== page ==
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Venezuela Can't Pay Rent, Gets Humiliating Treatment at Miami Consulate

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The Venezuelan embassy in Miami, Florida, may be forced to shut down after allegedly failing to pay rent since August.

The landlord of the building where the consulate is located filed an eviction notice in a Miami-Dade county court on Feb. 15. He claims the socialist nation’s government owes roughly $142,000 in unpaid rent, according to The Associated Press.

Venezuela actually owned the building — situated in the upscale Brickell neighborhood — until 2005, when it sold the property for about $70 million.

In 2012, the consulate — which by that point only took up one floor — was closed by the late President Hugo Chavez, forcing Venezuelan citizens living in the area to travel to New Orleans if they wanted to vote in Venezuela’s national elections.

Still, the government kept paying nearly $21,000 a month in rent until August.

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According to Russ Dallen, a Miami-based investor and expert in Venezuelan bonds, the eviction notice is just more evidence of Venezuela’s “dire” financial situation.

“The fact Venezuela can’t come up with such a small amount of cash tells you what dire straits they’re in,” Dallen told the AP.

The eviction notice was filed around the same time that incumbent Venezuelan President Nicolas Maduro ordered the consulate to be reopened before April 22, when the presidential election is scheduled to take place.

This would allow Venezuelan citizens in Miami, many of whom oppose the current government, to vote.

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“I have given the instruction to the foreign minister to proceed immediately to open the Miami consulate so that all Venezuelans can enroll in the electoral registry,” Maduro told the country’s Supreme Court earlier this month, as reported by Reuters.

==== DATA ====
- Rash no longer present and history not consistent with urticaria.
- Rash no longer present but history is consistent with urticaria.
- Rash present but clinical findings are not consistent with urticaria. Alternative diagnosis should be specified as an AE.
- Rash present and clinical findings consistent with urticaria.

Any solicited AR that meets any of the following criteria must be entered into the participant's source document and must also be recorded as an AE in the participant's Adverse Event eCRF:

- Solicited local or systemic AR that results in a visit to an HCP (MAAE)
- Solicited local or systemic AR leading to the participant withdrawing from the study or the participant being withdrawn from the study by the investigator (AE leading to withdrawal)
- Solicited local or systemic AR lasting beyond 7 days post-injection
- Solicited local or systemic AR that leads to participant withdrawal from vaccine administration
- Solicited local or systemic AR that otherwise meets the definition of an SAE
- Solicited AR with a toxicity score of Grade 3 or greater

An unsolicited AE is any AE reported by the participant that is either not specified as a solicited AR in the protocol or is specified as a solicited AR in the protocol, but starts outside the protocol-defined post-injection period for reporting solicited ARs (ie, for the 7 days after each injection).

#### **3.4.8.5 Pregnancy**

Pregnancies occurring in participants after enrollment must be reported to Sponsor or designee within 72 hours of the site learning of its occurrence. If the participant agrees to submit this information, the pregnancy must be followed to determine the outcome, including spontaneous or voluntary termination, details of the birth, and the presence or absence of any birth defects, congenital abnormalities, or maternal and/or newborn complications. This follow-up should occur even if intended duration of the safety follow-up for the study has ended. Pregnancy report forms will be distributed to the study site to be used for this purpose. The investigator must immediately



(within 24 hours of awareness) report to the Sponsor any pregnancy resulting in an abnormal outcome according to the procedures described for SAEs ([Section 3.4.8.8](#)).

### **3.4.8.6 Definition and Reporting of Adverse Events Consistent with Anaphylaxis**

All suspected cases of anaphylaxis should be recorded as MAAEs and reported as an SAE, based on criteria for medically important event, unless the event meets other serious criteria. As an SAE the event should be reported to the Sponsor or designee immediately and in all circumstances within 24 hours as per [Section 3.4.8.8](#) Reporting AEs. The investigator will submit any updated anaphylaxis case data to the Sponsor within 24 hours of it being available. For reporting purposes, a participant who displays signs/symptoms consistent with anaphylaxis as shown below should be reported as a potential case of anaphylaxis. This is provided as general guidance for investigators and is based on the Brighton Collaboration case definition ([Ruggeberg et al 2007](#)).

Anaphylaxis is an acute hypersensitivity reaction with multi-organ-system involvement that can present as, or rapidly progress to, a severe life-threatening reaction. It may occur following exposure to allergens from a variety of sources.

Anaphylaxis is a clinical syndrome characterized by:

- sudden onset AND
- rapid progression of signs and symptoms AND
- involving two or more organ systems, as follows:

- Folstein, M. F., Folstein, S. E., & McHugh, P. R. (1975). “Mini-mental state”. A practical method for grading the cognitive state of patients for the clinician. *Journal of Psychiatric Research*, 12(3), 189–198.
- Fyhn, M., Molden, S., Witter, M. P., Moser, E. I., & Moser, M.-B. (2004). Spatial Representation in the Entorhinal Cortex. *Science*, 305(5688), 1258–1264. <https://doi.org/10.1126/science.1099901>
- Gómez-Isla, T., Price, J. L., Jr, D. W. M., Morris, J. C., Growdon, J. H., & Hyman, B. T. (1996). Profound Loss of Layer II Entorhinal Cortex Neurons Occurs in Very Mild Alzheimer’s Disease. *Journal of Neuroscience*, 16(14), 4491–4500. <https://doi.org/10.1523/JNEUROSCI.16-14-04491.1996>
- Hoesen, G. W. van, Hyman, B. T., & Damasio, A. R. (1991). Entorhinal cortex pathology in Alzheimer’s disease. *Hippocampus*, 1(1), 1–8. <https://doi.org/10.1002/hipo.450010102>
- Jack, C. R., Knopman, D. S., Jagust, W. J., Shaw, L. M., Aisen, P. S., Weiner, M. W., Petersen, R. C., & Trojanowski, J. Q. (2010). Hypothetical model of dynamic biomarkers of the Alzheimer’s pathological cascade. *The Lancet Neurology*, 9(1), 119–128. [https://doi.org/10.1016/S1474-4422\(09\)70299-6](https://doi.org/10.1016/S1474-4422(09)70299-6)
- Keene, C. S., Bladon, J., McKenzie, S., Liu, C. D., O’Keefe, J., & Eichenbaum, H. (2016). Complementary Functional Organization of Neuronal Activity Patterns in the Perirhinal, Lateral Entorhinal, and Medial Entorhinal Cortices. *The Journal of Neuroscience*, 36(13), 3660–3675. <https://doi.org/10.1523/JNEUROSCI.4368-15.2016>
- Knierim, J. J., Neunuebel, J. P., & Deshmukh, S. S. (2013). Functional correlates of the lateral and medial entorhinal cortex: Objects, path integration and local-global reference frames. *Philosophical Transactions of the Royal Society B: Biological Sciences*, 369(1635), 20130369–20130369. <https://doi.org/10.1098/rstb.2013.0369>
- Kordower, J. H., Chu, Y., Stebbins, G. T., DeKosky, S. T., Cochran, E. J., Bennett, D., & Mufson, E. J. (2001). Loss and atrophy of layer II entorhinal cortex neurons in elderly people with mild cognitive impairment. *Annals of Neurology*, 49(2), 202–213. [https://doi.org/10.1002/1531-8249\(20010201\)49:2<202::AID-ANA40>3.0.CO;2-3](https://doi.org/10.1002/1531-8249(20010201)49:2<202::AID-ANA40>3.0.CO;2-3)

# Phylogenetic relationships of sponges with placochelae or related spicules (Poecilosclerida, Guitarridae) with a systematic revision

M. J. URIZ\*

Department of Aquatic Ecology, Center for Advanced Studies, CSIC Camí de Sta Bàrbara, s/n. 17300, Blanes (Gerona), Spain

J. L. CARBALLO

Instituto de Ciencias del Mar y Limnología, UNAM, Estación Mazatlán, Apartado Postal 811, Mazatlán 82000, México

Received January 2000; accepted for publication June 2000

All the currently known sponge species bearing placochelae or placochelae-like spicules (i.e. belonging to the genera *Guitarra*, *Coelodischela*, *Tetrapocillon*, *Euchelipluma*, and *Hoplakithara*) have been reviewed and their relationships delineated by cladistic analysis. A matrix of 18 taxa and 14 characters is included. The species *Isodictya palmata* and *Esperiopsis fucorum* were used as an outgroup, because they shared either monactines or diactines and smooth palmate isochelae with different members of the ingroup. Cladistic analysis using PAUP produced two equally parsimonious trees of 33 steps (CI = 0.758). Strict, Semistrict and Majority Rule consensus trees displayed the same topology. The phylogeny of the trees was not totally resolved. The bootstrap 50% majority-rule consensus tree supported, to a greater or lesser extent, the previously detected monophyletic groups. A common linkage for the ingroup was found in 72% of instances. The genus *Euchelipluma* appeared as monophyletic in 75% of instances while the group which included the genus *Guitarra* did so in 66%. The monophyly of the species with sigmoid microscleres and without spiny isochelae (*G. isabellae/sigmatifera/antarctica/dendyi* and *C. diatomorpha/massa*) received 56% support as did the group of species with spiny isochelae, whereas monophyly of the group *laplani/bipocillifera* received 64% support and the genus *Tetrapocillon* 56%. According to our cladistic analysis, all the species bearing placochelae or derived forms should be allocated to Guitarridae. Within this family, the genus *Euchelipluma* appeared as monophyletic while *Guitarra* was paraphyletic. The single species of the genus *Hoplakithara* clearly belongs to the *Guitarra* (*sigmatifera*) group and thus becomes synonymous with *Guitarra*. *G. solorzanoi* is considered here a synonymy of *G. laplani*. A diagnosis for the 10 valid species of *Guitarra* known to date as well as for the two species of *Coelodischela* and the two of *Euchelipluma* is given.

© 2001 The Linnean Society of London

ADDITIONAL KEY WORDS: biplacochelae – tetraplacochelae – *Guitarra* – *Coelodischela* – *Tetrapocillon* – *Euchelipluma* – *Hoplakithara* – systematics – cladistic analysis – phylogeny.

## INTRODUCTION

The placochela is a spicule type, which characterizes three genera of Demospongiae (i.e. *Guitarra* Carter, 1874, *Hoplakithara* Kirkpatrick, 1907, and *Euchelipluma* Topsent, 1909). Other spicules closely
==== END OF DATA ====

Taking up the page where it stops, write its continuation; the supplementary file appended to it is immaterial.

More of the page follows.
“In Venezuela there will be no coup d‘etat. In Venezuela so there will be presidential elections and the people will decide who is their president in a free way.”

It’s unclear how the eviction notice will affect Maduro’s directive.

In recent months, Venezuela’s economic turmoil has had a visible effect on the nation’s diplomatic staff.

An internal government memo dated Nov. 15 and obtained by Bloomberg revealed that the country’s diplomatic missions were being encouraged to renegotiate their rent payments.

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“We’re evaluating the situation of rents for all of our diplomatic missions to obtain substantial savings,” Foreign Minister Jorge Arreaza said in the memo.

“We encourage you to begin a renegotiation of your rent with the owner of the property. If a renegotiation isn’t successful, you’ll be expected to deepen your efforts in the search for a more viable — and affordable — option to support the savings of the republic’s financial resources.”

Moreover, The Times in London reported earlier this month that three officials from Venezuela’s London embassy — as well as their families — were being forced to move out of their homes and into a government-owned building because the state could not pay their rent.

Venezuela currently has about 80 embassies around the world, including in places like Benin and Jakarta. There have been late rent lawsuits in some of these countries, and Venezuela is reportedly trying to figure out which embassies it should close, and which ones should remain open.

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Joe Setyon was a deputy managing editor for The Western Journal who had spent his entire professional career in editing and reporting. He previously worked in Washington, D.C., as an assistant editor/reporter for Reason magazine.
Joe Setyon was deputy managing editor for The Western Journal with several years of copy editing and reporting experience. He graduated with a degree in communication studies from Grove City College, where he served as managing editor of the student-run newspaper. Joe previously worked as an assistant editor/reporter for Reason magazine, a libertarian publication in Washington, D.C., where he covered politics and wrote about government waste and abuse.
Birthplace
Brooklyn, New York
Topics of Expertise
Sports, Politics




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